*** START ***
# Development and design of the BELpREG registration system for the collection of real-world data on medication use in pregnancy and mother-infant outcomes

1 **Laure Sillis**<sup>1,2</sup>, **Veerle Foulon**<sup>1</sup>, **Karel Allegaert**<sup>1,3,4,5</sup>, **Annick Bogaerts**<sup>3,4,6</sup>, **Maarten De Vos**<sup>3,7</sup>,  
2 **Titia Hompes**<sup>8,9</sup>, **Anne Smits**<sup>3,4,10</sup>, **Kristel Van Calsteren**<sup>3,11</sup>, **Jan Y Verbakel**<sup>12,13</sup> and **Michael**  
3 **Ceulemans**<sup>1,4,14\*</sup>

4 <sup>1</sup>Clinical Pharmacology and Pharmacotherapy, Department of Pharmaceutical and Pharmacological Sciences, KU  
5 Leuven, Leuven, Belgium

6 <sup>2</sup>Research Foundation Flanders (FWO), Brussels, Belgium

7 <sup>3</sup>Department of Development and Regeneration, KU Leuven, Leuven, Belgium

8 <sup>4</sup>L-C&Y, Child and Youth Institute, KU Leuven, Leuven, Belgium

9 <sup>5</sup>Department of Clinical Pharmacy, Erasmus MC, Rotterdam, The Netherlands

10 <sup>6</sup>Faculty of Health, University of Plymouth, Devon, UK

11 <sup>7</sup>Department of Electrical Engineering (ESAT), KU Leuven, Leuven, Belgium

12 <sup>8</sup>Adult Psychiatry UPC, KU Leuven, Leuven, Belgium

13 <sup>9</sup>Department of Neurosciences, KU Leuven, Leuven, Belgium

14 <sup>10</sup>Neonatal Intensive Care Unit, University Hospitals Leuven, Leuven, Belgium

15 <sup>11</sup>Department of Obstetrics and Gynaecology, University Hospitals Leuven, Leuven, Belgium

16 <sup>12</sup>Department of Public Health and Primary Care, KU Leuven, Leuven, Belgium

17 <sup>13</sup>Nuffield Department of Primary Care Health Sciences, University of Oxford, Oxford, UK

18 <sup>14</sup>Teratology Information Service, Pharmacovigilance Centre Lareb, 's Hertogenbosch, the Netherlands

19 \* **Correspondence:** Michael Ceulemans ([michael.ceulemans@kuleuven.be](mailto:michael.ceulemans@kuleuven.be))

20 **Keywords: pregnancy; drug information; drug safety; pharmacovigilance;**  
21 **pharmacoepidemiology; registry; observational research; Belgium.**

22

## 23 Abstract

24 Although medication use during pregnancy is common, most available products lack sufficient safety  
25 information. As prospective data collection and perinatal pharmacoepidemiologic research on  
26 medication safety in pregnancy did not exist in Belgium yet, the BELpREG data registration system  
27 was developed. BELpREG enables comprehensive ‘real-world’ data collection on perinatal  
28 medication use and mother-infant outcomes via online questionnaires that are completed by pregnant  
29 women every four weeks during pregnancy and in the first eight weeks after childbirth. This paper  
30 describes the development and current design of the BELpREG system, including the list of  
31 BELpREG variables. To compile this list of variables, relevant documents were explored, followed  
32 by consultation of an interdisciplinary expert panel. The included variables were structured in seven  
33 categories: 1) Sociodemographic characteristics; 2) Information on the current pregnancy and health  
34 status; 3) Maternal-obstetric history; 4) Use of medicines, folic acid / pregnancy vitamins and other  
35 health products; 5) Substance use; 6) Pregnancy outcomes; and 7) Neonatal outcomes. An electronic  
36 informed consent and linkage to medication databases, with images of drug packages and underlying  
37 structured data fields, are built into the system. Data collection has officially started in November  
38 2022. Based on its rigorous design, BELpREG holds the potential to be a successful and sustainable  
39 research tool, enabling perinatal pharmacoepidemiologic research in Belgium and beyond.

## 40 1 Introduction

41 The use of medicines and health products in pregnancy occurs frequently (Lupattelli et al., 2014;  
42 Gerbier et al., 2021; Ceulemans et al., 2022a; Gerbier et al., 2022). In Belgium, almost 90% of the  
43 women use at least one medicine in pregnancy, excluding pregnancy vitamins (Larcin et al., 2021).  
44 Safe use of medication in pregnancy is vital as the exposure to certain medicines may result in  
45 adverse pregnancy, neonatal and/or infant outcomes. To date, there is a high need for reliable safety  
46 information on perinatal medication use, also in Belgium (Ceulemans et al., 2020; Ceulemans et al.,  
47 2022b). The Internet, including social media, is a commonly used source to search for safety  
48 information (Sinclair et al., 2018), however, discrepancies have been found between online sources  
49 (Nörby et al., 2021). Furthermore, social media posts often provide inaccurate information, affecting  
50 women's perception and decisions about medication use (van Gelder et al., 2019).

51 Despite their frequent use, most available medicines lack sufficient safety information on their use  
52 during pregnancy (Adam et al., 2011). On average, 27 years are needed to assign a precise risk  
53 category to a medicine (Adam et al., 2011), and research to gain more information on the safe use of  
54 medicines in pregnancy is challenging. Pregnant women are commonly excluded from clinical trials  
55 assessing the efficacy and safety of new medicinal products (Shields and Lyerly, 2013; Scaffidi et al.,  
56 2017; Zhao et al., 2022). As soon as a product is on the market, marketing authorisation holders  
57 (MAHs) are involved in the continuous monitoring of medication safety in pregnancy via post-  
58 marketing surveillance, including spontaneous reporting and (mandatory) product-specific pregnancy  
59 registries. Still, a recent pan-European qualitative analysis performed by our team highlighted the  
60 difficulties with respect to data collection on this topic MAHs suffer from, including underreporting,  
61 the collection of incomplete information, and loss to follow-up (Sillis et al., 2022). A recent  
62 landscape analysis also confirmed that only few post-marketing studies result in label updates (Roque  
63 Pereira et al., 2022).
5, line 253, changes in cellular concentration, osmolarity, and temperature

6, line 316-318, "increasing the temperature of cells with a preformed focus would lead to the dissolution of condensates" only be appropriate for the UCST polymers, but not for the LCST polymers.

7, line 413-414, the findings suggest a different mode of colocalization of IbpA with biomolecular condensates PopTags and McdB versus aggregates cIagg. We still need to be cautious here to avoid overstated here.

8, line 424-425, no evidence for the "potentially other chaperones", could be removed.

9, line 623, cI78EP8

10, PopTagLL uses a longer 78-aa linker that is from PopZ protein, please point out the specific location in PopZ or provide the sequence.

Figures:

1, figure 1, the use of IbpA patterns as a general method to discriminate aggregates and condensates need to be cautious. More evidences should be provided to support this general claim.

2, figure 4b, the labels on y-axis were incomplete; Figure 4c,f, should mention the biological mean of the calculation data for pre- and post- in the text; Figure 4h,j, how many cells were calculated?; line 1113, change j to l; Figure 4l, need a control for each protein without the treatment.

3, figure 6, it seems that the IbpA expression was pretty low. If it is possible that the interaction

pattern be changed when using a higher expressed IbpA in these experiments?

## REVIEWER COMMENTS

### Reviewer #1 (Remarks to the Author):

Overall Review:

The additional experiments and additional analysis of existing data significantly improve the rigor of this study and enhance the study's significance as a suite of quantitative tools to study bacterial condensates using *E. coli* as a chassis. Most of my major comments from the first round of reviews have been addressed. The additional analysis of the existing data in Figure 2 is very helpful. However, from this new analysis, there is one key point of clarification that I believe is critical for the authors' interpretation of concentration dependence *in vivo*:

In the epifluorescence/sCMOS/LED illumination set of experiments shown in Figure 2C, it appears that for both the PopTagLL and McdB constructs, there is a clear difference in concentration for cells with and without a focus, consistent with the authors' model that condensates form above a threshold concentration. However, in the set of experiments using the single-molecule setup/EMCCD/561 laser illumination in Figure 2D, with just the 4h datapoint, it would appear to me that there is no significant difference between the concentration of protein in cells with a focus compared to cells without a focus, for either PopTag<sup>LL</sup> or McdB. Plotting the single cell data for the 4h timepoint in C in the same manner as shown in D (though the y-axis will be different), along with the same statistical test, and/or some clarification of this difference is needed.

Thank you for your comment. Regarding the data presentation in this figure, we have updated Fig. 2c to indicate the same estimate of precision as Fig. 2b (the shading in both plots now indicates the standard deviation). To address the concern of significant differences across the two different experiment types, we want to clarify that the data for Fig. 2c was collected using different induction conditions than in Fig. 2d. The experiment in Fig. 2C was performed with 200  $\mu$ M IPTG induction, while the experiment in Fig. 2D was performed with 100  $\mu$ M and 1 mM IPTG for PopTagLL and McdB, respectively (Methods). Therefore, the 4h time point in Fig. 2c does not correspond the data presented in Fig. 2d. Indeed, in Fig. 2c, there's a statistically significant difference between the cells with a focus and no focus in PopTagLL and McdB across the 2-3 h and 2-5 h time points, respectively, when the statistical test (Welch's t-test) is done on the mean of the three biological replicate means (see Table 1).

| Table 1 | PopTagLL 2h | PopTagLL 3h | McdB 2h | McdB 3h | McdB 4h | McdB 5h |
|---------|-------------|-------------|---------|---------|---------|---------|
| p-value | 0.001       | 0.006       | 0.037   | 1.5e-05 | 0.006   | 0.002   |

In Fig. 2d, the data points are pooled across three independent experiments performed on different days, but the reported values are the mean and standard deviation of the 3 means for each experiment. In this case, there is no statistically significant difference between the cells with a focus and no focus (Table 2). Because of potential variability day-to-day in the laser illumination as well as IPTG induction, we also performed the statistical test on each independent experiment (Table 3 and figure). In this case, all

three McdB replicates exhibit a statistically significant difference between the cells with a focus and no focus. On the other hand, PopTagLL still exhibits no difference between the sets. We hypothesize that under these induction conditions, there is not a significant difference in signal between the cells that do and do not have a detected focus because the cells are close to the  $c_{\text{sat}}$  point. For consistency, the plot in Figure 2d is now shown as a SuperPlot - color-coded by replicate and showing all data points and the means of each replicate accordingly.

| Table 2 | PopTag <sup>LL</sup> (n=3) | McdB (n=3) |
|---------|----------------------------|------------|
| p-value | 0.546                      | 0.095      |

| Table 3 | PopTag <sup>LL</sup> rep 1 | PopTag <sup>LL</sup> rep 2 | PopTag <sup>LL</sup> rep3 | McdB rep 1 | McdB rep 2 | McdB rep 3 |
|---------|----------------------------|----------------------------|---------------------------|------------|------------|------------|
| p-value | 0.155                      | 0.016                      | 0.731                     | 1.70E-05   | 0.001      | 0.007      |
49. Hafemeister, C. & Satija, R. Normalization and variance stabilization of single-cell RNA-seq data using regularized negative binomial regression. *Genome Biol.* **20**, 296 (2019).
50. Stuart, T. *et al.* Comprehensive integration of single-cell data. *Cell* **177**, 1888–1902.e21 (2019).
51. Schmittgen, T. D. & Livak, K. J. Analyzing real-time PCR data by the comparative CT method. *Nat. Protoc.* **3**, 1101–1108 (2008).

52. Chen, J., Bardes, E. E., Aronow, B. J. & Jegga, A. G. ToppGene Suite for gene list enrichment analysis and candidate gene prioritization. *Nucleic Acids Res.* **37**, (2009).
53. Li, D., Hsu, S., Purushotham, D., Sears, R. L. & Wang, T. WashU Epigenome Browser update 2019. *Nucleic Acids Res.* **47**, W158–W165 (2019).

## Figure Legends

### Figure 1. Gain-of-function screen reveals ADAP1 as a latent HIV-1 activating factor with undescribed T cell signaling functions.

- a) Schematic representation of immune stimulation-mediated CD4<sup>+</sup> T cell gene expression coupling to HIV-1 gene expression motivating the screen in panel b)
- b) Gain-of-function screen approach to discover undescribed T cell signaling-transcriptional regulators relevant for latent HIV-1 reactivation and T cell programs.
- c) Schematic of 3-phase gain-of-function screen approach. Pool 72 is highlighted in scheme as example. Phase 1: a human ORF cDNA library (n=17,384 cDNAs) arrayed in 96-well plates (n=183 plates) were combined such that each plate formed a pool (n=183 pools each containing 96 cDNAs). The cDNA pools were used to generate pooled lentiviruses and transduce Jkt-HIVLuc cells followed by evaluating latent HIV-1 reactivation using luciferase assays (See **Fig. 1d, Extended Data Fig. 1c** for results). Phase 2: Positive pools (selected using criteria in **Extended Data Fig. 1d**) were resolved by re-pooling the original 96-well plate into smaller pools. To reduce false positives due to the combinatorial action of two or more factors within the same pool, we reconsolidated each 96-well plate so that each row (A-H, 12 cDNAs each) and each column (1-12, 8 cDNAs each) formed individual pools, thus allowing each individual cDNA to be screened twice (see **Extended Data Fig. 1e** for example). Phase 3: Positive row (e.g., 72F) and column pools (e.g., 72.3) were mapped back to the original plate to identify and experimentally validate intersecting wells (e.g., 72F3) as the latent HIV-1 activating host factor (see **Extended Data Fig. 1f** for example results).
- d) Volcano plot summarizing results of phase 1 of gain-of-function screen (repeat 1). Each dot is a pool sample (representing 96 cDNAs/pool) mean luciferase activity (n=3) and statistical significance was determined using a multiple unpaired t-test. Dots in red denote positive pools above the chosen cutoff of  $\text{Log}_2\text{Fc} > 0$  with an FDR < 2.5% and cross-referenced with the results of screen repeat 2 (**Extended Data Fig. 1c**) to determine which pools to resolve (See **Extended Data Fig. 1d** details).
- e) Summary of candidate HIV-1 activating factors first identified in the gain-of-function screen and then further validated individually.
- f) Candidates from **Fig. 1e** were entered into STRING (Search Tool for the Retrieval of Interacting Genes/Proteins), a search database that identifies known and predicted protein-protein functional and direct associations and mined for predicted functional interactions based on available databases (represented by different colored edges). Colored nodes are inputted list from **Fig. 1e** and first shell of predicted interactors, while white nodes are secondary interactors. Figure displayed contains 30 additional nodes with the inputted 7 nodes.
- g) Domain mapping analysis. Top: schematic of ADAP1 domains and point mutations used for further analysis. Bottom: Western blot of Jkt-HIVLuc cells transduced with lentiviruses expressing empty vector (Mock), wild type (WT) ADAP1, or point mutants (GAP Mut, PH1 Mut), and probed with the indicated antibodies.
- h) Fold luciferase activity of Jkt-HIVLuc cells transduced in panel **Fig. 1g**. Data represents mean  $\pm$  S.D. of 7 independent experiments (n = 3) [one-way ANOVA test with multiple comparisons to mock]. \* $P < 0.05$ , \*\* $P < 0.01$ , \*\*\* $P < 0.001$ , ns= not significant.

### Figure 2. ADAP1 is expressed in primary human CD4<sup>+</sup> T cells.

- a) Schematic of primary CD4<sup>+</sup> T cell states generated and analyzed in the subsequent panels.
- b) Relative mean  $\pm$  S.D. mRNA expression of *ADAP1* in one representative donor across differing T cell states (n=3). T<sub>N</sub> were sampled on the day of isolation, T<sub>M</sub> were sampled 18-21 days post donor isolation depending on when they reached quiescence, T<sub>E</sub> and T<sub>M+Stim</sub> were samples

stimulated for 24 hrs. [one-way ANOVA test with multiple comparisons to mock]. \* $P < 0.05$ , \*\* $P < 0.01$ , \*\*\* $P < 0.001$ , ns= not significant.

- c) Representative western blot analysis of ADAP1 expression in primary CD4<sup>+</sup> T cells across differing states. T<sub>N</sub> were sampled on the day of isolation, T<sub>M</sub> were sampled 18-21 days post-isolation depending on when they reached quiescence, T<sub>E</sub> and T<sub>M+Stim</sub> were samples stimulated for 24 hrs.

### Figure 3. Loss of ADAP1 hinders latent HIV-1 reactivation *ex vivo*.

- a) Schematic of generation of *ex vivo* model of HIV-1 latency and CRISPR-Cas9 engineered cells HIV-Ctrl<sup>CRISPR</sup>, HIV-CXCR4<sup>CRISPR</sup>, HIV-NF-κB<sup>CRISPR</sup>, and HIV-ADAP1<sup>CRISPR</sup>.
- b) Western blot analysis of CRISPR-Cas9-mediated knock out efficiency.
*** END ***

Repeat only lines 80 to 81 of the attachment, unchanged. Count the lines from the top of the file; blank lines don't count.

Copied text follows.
In the epifluorescence/sCMOS/LED illumination set of experiments shown in Figure 2C, it appears that for both the PopTagLL and McdB constructs, there is a clear difference in concentration for cells with and without a focus, consistent with the authors' model that condensates form above a threshold concentration. However, in the set of experiments using the single-molecule setup/EMCCD/561 laser illumination in Figure 2D, with just the 4h datapoint, it would appear to me that there is no significant difference between the concentration of protein in cells with a focus compared to cells without a focus, for either PopTag<sup>LL</sup> or McdB. Plotting the single cell data for the 4h timepoint in C in the same manner as shown in D (though the y-axis will be different), along with the same statistical test, and/or some clarification of this difference is needed.

Thank you for your comment. Regarding the data presentation in this figure, we have updated Fig. 2c to indicate the same estimate of precision as Fig. 2b (the shading in both plots now indicates the standard deviation). To address the concern of significant differences across the two different experiment types, we want to clarify that the data for Fig. 2c was collected using different induction conditions than in Fig. 2d. The experiment in Fig. 2C was performed with 200  $\mu$ M IPTG induction, while the experiment in Fig. 2D was performed with 100  $\mu$ M and 1 mM IPTG for PopTagLL and McdB, respectively (Methods). Therefore, the 4h time point in Fig. 2c does not correspond the data presented in Fig. 2d. Indeed, in Fig. 2c, there's a statistically significant difference between the cells with a focus and no focus in PopTagLL and McdB across the 2-3 h and 2-5 h time points, respectively, when the statistical test (Welch's t-test) is done on the mean of the three biological replicate means (see Table 1).